Carnal Innocence (Page 15)

"Don't you ever work?" Caroline asked as she struggled to gather up the wiggling puppy, her purse, and some of her purchases.

"Only if they catch me." Tucker set the roses aside, then lazily unfolded himself. "Whatcha got there, Caro?"

"I call it a dog."

He chuckled and wandered over to where she'd managed to squeeze her car next to the boat-sized Oldsmobile. "Cute little fella." He ruffled the pup's fur, then peeked in the back of the BMW. "Need some help?"

She blew her hair out of her eyes. "What do you think?"

"I think you're glad to see me." He took advantage of her loaded arms and kissed her. "And you wish you weren't. Go on and take a load off. I'll haul the rest of this out for you."

She did, mainly to see if he could do anything with his hands other than raise a woman's blood pressure. After she'd sat on the steps, Caroline worked on fastening the new collar around the squirming puppy's neck.

"Looks like you got all the essentials," Tucker commented. He pulled out a bag, tossed the sack of puppy food over his shoulder. There was a faint and interesting ripple of muscle, Caroline noticed. Then he gathered up the bright-flowered cushion. "What's this?"

"He's got to sleep on something."

Your bed, Tucker figured with a grin. The pup didn't look backward. "So..." He dumped everything on the porch, then sat next to her. "That one of the Fuller pups?"

"Yes." The pup deserted her to sniff at Tucker's hand. Caroline could smell the roses and determined not to be charmed by them, not to ask about them, not even to look at them.

"Hey, boy." Tucker scratched the pup in a spot that had Useless grinning and slapping a hind foot rhythmically on the step. "That's a good dog, yeah. That's a pretty good dog. So what's his name?"

"Useless," Caroline muttered as the puppy-her puppy, she reminded herself-stretched himself adoringly over Tucker's lap. "I've already figured out he would be, as a guard dog."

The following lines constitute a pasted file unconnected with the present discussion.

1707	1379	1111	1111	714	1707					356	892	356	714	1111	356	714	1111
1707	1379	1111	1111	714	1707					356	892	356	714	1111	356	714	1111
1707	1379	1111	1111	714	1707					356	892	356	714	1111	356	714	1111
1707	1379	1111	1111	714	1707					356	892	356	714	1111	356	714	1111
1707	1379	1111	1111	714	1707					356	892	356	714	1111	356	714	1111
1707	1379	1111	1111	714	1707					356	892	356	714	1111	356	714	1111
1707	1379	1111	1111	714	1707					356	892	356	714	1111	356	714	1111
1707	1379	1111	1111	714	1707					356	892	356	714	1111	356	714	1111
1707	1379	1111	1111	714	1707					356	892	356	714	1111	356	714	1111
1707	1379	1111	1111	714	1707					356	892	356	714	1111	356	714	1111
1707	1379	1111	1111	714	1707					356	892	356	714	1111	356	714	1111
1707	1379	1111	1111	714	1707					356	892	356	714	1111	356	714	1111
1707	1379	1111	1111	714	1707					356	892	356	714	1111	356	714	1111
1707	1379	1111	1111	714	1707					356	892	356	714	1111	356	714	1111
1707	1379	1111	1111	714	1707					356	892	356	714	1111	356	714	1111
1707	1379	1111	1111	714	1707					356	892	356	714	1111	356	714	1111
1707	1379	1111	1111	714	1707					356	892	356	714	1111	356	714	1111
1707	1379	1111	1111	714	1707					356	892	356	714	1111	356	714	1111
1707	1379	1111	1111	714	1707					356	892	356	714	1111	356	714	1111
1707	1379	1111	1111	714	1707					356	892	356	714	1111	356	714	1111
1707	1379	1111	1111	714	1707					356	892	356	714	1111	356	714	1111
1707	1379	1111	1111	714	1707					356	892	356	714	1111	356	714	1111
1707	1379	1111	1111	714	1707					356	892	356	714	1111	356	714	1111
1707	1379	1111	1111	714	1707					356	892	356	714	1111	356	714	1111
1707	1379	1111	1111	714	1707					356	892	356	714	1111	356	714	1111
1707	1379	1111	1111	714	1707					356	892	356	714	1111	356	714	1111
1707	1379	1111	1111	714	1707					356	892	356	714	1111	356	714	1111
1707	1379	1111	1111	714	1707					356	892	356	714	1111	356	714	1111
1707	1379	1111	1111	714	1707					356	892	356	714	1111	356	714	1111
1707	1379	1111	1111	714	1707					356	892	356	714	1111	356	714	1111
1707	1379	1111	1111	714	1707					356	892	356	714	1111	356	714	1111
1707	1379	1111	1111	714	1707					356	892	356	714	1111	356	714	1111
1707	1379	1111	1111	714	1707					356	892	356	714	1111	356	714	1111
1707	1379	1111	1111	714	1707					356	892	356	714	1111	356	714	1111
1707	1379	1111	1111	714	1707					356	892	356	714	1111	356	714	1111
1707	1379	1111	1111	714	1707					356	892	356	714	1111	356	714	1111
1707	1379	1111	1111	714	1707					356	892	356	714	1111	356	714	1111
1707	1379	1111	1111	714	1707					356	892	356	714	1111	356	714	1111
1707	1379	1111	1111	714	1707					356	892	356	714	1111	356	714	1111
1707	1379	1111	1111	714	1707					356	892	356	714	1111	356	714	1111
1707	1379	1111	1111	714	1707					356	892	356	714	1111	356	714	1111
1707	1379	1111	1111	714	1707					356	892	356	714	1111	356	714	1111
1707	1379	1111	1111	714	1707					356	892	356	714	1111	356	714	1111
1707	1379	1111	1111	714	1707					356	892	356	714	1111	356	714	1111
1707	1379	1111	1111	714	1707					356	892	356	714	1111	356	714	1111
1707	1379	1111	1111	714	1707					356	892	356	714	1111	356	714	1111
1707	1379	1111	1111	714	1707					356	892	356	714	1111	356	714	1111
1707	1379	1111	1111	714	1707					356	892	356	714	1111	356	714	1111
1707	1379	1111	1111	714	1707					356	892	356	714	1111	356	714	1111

Tucker's brows drew together briefly. "Guard dog, huh?" He tickled the puppy into turning over. "Hey, boy, let me see those teeth." Useless obligingly chewed on Tucker's knuckle. "Well, they'll grow soon enough. Just like the rest of him. Couple of months he'll start to grow into his feet."

"In a couple of months I-I'll be in Europe," she finished. "Actually, I may be leaving sooner than that. There's an engagement I might have to take-in September-that would require me to go to D.C. in August to prepare."

"Have to take?"

She hadn't meant to put it that way. "There's an engagement," she said, dismissing the rest. "But I imagine I'll be able to find a good home for the puppy before I leave."

Tucker looked up at her, golden eyes calm and just a little hard. He had a way of looking now and again, she thought, that stripped away all the nonsense and carved down to truth. "I expect you could take a dog along if you wanted to." His voice was quiet, hardly more than a ripple on the hot, still air. "You're a pretty big deal in what you do, aren't you?"

She hated the fact that she had to look away, had to before he saw through to things she was still hiding from herself. "Touring's complicated," she said, and left it at that.

But he didn't.

"Do you like it?"